Fish Farming


Unless the issue of environmental pollution and other factors troubling waters are addressed, Nigeria’s plan of providing sufficient fish, to stop reliance on importation will become a mirage.

This was part of the findings of eminent hatchery management, aquatic pollution and toxicology expert, Prof. Bamidele Omitoyin who delivered the 440th and 14th in the series of inaugural lectures for the 2017/2018 academic session on behalf of Faculty of Renewable Natural Resources, University of Ibadan (UI).

Delivering the lecture titled: “Calming Nigeria’s Troubled Waters: Hope For Sustainable Fish Production,” Omitoyin identified oil spillage, discharges from industries and domestic wastes from boundaries settlements and other activities along the tributaries and watersheds as threats to aquatic lives.

While noting that Nigeria’s water is troubled, he said its impact is undermining productivity and impacts negatively on food security through fish production.

He said other critical threats, are conditioned by climate change, flooding, intense human activities: such as indiscriminate use of fertilizers and pesticides in agriculture; urbanisation; dam, road and bridge construction; irrigation; sand mining; filling of wetlands; population growth and mismanagement of natural aquatic resource.

The don also emphasised that gas flaring in the Niger Delta region, with carbon dioxide (Co2) emission of about 35m tons per year contributes to the increasing occurrence of acid rain in the region.

He said: “consequences of Nigeria’s troubled waters include death of aquatic animals, including fin and shell fishes, disruption in food chain due to disappearance of vulnerable species leading to death and extinction, tainting of the fish by unpleasant odours and tastes caused by petroleum derivatives, destruction of fragile ecosystem due to water pollution and siltation resulting from erosion or dumping of refuse into waterways.”

The renewable natural resources expert explained “Nigeria is a maritime state with rich networks of inland water bodies.

The inland waters are among the most extensive with rich and diverse aquatic resources in Africa and the world.

As a maritime state, Nigeria is endowed with rich and diverse marine ecosystems.

The country’s 200 nautical miles Exclusive Economic Zone (EEZ) spans 853km of coastline and covers 192,000 km² in area very rich in fisheries resources. Notable finfish stocks in Nigerian coastal waters include the bonga, thread fins, tilapia, tunas, and tuna-like fishes among others.

The potential fish yield in freshwater are a function of interacting abiotic and biotic factors.”

He said, “Fisheries resources are renewable if managed scientifically.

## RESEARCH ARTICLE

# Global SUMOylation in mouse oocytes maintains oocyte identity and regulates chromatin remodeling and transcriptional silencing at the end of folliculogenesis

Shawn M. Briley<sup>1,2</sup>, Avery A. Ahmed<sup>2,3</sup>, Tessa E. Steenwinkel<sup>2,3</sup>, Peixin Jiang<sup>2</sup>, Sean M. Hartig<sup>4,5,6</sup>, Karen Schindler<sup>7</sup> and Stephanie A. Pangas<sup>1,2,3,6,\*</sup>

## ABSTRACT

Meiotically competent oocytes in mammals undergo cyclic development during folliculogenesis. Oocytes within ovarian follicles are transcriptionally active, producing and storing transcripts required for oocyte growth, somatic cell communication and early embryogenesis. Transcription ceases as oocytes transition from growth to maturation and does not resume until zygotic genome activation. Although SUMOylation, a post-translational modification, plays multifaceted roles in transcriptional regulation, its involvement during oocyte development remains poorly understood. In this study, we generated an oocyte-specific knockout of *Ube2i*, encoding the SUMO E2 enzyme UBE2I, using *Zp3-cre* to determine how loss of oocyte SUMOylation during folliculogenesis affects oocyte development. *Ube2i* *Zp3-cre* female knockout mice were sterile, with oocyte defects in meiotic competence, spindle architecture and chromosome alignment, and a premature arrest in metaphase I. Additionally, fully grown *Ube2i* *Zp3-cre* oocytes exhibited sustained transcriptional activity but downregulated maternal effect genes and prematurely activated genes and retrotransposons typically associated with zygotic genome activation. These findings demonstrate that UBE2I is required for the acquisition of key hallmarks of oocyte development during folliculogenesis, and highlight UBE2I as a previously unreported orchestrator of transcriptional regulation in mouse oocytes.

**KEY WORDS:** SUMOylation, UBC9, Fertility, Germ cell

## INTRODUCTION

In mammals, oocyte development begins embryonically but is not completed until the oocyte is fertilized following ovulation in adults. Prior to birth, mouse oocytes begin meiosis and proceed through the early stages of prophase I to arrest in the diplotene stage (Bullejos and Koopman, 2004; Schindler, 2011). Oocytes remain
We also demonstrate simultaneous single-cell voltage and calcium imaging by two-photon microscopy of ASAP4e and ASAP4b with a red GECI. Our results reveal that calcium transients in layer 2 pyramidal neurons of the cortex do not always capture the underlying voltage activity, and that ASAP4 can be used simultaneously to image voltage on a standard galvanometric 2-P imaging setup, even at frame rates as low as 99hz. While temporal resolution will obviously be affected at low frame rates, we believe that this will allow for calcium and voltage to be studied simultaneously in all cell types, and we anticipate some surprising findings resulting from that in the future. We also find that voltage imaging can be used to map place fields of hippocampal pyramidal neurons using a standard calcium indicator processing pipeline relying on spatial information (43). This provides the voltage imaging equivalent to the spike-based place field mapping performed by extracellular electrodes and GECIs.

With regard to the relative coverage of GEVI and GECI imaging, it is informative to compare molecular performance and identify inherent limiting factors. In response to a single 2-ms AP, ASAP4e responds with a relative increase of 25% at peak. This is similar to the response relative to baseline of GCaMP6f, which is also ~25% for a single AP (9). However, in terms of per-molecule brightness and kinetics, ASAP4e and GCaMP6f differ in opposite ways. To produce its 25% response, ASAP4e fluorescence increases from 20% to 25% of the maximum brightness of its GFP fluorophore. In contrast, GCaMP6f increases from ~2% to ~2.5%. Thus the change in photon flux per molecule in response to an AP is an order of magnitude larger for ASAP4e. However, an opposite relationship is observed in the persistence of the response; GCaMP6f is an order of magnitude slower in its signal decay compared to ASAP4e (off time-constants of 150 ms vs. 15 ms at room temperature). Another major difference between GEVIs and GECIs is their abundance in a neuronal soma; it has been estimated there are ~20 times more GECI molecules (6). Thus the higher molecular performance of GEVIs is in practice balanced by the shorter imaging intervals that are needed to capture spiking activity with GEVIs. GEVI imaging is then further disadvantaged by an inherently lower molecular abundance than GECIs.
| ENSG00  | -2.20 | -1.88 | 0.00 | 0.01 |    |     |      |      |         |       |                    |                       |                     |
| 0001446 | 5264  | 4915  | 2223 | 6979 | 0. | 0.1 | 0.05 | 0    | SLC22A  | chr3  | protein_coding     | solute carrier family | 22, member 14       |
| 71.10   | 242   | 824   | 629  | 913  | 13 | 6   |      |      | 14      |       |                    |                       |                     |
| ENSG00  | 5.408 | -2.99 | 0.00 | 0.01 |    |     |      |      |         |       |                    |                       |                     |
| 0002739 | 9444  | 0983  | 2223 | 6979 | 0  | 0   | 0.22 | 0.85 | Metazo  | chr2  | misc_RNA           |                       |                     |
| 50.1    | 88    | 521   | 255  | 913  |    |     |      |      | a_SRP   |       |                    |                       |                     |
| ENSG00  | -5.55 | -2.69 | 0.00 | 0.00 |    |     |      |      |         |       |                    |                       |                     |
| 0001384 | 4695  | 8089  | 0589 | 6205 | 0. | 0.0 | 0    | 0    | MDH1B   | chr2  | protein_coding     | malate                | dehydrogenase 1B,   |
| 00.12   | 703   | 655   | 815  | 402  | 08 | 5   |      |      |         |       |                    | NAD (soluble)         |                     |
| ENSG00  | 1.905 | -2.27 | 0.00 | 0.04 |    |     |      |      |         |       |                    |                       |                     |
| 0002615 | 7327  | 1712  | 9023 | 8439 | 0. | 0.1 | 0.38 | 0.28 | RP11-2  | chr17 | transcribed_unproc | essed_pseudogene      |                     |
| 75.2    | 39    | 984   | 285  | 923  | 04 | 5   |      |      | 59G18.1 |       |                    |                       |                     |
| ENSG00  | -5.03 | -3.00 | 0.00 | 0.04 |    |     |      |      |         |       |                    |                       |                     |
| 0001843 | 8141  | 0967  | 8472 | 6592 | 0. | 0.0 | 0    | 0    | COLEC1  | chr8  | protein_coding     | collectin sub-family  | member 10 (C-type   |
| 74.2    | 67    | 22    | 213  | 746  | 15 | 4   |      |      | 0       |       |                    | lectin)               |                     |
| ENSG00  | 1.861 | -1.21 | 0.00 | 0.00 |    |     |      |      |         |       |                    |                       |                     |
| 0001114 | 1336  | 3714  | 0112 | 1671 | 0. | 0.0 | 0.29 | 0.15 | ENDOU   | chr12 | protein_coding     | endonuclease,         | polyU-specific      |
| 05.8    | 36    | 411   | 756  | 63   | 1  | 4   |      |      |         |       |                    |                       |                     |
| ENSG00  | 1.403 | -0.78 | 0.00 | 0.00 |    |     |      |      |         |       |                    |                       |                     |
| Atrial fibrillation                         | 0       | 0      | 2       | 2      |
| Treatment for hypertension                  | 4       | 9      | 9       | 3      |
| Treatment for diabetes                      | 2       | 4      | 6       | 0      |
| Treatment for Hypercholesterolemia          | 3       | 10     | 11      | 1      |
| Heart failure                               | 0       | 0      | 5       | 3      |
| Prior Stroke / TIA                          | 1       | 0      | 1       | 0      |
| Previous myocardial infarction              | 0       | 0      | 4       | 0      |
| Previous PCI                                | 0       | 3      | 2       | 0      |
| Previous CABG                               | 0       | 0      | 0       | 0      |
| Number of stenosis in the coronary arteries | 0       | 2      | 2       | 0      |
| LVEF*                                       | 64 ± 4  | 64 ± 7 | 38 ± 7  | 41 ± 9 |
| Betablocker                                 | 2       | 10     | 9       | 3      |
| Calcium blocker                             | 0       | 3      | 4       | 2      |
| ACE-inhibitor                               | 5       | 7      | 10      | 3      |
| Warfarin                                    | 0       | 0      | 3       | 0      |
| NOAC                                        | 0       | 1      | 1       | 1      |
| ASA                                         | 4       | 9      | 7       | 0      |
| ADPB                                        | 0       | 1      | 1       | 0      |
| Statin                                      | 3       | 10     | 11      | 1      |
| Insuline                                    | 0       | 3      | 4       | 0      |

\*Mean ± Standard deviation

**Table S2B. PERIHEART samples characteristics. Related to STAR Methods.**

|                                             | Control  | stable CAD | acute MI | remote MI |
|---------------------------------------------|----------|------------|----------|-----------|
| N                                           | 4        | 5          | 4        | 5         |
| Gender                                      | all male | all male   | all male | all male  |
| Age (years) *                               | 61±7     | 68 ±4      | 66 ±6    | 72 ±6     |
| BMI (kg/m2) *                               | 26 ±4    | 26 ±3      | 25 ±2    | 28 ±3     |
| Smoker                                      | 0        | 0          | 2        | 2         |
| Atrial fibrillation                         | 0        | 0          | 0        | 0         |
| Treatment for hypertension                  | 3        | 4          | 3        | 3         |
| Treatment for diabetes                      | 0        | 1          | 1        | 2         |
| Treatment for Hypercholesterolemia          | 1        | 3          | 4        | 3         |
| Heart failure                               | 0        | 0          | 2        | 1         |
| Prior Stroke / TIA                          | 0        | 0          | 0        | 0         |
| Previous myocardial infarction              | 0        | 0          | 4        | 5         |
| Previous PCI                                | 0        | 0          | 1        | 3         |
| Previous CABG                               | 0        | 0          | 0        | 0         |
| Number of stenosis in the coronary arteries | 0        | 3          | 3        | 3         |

On the other hand, when abused, they are delicate and can become extinct.

Harnessing these resources from Nigeria waters for the ultimate goal of national development, especially in food security is hampered by the present state of Nigerian waters which is greatly troubled by an interplay of human induced activities.”

The lecturer from the Department of Aquaculture and Fisheries Management, highlighted some innovative research efforts, he has used to calm Nigeria’s troubled waters for sustainable fish production.

He said his research efforts with his colleagues led to the development of sustainable integrated aquaculture system with a concept of ‘zero waste’ for food security in West and Central African.

This has put the University of Ibadan on a global map through the multi donor research grant of $1m coordinated by West and Central African Council for Agricultural Research and Development (CORAF/WECARD) won in 2011 in collaboration with two other Universities in West and Central Africa.

The project, Omitoyin,”successfully achieved its focus of 100 per cent waste utilisation through the production of maggot larvae, fish oil, fish meal, and mineral rich organic manure.

All the wastes generated from the process of integration are now utilised in a cost-effective and environmentally friendly manner.

“Over 45 farmers have benefitted from these efforts.

The capacity of 2,800 farmers, 19 research scientists, 5,000 youths and 22 postgraduate students were enhanced, out of which 40 per cent were females.

10 technologies/innovations were developed and disseminated and the adoption level is over 60 per cent.

This has improved the facilities used for teaching and research by 20 per cent in the Department of Aquaculture and Fisheries Management, University of Ibadan.”

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